Do you know why I hire you? asks my boss in a confidential tone, smiling at me over her beer glass. She always wants to bond with me when she reaches her third or fourth drink of the evening.
My pale Western skin and my pretty blue eyes? I guess. She laughs. God bless the woman, she may speak a version of English that at times has completely opposite meanings from mine, but she’s one of the few Korean friends I have who understands and actually really enjoys teasing sarcasm. She even tries it herself – and yes, before you ask, of course she can take a hand out of me and have me believing all sorts of ridiculous things. I think we’ve established that anyone can do that, no matter what their level of English. I suspect that zookeepers could successfully train several species of animals to play elaborate April Fools on me.
Well, of course that is first reason, she agrees. But there are many beautiful foreigners who want to work here – do you know why I pick you?
I shake my head, curious about what it was that made me stand out from the rest like the bright and shining beacon of teaching excellence I undoubtedly am.
She looks admiringly at me. Because you said on your resumé that you are willing to adopt.
You see, this is exactly the sort of reason why you don’t go drinking with your boss.
Erm, what? I ask as politely as I can after almost spraying her with a mouthful of beer. She looks troubled, as if she had been counting on me being willing to adopt someone, and is now beginning to doubt that I meant my offer.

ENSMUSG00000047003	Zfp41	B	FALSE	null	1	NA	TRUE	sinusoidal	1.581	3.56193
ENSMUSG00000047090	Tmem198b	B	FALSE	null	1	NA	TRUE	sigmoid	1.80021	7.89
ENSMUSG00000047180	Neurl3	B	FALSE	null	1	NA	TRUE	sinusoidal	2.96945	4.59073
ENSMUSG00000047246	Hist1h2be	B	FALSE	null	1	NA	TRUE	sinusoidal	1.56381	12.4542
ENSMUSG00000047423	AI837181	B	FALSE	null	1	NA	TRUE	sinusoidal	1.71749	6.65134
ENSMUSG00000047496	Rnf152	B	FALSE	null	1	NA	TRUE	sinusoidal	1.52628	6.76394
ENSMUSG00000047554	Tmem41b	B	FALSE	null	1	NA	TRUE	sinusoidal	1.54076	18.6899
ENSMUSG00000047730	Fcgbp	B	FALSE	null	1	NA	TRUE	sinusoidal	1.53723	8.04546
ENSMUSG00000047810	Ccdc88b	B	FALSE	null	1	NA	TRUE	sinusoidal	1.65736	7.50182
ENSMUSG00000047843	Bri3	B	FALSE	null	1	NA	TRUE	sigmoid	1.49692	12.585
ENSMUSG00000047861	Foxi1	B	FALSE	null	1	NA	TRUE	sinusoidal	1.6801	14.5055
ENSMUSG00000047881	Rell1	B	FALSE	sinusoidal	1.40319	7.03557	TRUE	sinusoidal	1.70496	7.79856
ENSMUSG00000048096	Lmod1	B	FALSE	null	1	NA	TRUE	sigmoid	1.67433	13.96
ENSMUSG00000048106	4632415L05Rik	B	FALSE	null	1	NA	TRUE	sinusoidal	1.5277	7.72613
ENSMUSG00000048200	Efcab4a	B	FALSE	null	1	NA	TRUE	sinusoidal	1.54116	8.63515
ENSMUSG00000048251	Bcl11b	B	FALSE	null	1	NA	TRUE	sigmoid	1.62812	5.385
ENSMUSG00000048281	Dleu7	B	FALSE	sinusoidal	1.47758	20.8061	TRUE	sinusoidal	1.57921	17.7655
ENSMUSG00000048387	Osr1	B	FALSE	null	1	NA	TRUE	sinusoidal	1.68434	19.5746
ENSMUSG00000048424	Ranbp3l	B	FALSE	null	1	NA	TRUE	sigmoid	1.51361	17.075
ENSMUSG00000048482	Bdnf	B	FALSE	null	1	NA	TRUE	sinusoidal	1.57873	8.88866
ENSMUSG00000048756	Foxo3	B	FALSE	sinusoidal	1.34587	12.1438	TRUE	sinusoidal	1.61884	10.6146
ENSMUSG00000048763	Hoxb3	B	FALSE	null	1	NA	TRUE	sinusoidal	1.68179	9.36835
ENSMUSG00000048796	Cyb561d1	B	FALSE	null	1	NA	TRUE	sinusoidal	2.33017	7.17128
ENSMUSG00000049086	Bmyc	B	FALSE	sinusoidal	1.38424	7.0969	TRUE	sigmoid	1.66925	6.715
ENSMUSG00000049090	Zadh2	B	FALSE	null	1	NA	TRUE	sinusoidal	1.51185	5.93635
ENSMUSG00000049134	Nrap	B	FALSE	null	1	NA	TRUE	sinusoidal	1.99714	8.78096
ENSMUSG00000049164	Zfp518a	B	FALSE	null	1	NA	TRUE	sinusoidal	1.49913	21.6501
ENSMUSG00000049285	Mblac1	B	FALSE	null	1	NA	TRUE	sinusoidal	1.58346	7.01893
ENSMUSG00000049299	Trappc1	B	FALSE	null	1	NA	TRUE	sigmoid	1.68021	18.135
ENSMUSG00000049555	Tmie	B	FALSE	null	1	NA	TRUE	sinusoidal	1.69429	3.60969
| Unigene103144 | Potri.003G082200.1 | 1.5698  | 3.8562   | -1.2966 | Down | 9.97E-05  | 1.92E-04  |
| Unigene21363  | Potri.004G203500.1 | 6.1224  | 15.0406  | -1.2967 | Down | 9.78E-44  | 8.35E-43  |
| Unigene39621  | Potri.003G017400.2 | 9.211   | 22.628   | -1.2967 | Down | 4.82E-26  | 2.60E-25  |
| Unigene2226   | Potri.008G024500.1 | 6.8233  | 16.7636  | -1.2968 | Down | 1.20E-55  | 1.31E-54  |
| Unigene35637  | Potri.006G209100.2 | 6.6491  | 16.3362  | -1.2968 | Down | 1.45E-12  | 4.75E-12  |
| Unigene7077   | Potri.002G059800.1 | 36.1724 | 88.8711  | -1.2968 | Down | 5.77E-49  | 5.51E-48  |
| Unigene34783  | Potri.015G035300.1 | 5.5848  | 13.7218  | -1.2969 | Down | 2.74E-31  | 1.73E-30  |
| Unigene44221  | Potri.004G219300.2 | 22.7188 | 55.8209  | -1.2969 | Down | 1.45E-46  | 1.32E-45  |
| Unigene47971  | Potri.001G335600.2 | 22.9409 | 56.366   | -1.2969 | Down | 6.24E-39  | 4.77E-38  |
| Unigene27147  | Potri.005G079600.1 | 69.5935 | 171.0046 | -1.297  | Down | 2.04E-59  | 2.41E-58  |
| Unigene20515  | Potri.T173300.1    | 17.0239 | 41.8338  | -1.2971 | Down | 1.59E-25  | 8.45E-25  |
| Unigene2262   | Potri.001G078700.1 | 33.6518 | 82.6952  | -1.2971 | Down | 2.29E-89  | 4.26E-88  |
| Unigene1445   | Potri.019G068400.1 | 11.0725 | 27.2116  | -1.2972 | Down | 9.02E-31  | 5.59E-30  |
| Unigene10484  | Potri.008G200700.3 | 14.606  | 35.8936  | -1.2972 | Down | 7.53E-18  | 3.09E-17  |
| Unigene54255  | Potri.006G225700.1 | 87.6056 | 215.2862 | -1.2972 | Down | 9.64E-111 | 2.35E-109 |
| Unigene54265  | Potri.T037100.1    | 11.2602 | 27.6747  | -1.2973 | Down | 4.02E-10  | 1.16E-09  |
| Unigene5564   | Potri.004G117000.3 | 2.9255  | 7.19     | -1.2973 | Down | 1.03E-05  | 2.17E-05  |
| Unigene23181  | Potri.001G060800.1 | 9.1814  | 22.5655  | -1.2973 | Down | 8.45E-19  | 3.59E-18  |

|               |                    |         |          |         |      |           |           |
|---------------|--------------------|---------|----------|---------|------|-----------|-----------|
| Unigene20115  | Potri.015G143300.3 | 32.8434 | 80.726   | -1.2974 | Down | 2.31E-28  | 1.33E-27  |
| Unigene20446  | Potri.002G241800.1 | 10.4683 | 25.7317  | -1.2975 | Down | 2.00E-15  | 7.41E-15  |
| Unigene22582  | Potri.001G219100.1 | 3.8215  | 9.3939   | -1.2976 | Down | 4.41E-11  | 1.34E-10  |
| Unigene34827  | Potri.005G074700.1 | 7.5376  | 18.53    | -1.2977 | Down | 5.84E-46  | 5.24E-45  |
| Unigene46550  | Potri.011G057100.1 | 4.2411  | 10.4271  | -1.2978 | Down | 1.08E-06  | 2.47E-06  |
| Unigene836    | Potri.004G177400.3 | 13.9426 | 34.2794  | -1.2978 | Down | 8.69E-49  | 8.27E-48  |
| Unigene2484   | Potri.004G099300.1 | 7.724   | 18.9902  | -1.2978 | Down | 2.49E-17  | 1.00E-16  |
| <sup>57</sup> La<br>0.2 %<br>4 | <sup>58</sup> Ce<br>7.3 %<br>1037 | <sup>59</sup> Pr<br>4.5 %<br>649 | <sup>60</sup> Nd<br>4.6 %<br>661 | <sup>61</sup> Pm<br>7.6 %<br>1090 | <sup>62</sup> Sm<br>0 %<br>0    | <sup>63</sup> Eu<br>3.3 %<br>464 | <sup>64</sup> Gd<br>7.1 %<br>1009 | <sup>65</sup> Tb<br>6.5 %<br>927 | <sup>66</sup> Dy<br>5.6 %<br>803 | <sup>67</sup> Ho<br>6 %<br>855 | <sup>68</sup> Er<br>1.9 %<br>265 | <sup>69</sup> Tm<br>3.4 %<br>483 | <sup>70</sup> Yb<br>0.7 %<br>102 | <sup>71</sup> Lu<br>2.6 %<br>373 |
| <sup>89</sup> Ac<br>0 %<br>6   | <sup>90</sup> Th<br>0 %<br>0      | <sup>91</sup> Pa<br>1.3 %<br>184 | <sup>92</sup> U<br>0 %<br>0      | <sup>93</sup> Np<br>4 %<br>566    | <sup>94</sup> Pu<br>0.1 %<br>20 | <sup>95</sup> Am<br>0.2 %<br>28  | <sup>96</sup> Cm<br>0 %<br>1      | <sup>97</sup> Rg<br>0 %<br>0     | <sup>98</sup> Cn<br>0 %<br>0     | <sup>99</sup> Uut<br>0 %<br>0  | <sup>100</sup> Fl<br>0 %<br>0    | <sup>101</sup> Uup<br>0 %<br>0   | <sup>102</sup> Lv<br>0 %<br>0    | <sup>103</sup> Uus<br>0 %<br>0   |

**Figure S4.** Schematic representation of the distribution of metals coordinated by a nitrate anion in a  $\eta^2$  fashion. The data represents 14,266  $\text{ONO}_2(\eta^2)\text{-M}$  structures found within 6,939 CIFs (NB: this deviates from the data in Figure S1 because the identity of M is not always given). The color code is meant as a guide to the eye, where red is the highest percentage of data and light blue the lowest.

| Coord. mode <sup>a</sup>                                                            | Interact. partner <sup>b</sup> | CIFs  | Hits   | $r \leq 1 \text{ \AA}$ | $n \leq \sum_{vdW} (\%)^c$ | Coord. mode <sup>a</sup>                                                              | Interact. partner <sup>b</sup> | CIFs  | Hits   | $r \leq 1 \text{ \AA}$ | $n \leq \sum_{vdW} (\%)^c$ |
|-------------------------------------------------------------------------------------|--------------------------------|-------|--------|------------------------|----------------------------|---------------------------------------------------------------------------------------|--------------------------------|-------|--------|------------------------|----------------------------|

You said you could adopt! No problem, you said! So I choose you!
I take a long, thoughtful sip of beer as I wonder how I’m going to resolve this one.
Because you travel a lot and you try new things and you can adopt in different cultures! she adds desperately.
One beer later, I have explained the difference between adopt and adapt, and also made it clear that I am not willing to do the former. Jennifer looks sternly at me. English is very difficult language!
Usually when my students say this, I make an exaggerated Pfffft! Nonsense! sound and say English is sooooooo eeeeeeeeasy! (I’ve found it’s a good way to motivate them to talk more). I decide to be a little more respectful to my boss, and settle for a mild shrug. I’m pretty good at it, I say meekly.
Well, she responds triumphantly, you can’t complain any more about Korean. You say it is silly because one wrong vowel sound change whole meaning? English is same!!
Damn. I so want to defend this language I love, but really, it’s just as bad as the rest of them.